Dr. Okuda shines light on teeth whitening. 

We all love Wine Wednesday, but let’s face it: Red wine, coffee, black tea, pick your poison, and your pearly whites can go from bright-and-light to dull-and-just-plain-drab.

Honolulu cosmetic dentist Dr. Wynn Okuda is no stranger to teeth bleaching, porcelain crowns and any other treatment needed to maintain a million-dollar grin. (P.S. If you haven’t visited Dr. Okuda, we advise you do. It’s more dental spa than stale medicinal setting). To shine light on the do’s and don’ts of teeth whitening, we sought Dr. Okuda’s 411 for brightening up.

Q. What teeth-whitening procedures have you experienced the most success with?

I just saw a new patient with gum burns from using over-the-counter whitening strips. For this reason, I always recommend teeth bleaching [to be] supervised by a dentist. However, for milder cases, at-home bleaching works well, or for darker-stained teeth, a combination of in-office and home bleaching will help.

Q. How often should we whiten our teeth? 

To keep up the bright smile, once every year is optimal … I am able to provide [patients] with take-home bleaching trays and a touch-up kit, if needed.

Q. How much is too white? Is there such a thing? 

Absolutely: If a person uses bleach too often, it could make the teeth whiter than a person wants. The problem with that is, once [teeth are] bleached, you cannot reverse the whitening effect. In addition, too much bleaching can weaken the enamel to a point where cracks start to develop. 

Q. Once you’ve had your teeth whitened, how do you make it last?

You can maintain the bleached color by using whitening-formula toothpaste or your home-touch-up kit, provided by your dentist—also, limiting your consumption of heavy pigmented foods (such as coke, red wine, coffees, black tea, etc.). Finally, avoid consuming too many acidic foods, as they allow uptake of stains [more easily].

Q. What are some common teeth-whitening enemies?

All [heavily] pigmented foods—like red wine, curries, coke, coffee, black teas, etc.—will reduce the whiteness of teeth. 

Q. Do at-home remedies—such as hydrogen peroxide, oil pulling, brushing your teeth with charcoal—really work? Are they safe?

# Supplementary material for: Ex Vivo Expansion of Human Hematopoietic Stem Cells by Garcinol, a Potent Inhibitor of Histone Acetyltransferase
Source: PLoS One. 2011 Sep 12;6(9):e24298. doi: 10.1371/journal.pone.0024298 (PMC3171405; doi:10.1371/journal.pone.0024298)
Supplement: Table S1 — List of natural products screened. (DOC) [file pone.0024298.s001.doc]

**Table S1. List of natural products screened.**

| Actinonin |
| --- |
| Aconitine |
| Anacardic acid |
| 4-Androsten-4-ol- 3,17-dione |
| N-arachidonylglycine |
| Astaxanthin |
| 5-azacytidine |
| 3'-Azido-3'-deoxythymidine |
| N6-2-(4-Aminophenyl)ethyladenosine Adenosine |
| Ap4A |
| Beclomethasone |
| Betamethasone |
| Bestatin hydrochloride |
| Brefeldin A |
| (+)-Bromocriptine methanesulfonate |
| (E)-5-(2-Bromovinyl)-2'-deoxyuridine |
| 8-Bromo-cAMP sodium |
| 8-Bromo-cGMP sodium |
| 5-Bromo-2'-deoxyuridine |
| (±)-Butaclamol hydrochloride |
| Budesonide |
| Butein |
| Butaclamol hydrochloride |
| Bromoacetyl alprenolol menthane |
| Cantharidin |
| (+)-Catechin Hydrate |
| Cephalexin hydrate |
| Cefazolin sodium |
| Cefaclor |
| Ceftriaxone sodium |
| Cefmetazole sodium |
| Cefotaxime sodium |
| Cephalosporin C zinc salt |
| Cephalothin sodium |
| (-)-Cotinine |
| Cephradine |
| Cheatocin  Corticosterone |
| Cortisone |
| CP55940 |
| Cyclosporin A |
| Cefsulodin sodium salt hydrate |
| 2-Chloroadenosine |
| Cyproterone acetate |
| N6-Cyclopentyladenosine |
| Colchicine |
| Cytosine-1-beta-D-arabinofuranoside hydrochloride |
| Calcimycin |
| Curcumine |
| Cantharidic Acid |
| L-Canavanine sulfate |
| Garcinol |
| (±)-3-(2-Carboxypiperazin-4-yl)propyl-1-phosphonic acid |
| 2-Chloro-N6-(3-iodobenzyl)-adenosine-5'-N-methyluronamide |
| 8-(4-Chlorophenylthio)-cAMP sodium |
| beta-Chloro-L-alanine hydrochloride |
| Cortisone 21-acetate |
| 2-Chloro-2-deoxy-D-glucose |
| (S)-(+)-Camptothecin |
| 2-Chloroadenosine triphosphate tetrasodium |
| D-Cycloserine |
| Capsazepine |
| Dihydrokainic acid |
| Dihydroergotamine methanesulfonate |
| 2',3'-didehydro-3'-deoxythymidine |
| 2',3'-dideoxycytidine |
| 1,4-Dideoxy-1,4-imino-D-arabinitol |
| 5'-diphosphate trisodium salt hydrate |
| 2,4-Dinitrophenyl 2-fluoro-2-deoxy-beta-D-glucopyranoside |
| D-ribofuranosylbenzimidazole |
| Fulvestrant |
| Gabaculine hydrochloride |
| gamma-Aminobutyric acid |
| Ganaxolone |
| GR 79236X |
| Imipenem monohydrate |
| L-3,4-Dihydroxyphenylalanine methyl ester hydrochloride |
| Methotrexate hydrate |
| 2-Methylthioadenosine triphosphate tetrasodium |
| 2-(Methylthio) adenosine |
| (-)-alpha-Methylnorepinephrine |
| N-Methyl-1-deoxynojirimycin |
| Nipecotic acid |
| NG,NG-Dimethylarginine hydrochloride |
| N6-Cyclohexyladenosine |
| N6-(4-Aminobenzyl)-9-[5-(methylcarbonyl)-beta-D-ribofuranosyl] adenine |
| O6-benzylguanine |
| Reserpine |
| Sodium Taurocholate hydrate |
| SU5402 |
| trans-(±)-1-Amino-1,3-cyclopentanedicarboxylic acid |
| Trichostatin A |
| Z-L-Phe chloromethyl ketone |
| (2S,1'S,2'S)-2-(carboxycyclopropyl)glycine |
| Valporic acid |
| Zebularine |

These are not common dental remedies, as they have not been researched to date, so it is unknown if these remedies will help or hurt your teeth long-term.

Q. Does drinking coffee or soda through a straw really help?

Yes, it does. Anything to avoid direct contact of the front teeth is helpful.

Q. What are other ways one can prolong whiteness?

All toothpastes help remove surface stain through the action of mild abrasives. “Whitening” toothpastes have special chemical, or polishing agents, that provide additional stain-removal effectiveness. Unlike bleaches, these products do not change the color of teeth, because they can only remove stains on the surface. A big tip: Be sure to rinse your mouth with water right after eating or drinking these heavy pigmented foods/liquids. That will help prolong whiteness of teeth.

Q. What are some of the most common misunderstandings about teeth whitening? Is it healthy? 

One of the common misunderstandings is that bleaching can be successfully done at any age. Bleaching results are most successful between ages 20-40. Beyond age 40, teeth become naturally dark, due to aging, and are only moderately affected by bleach. Some stains can be liberated from teeth; however, they won’t get as white as [patients] younger than 40.  

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 Photo courtesy The Pearl Girls, thepearlgirls.com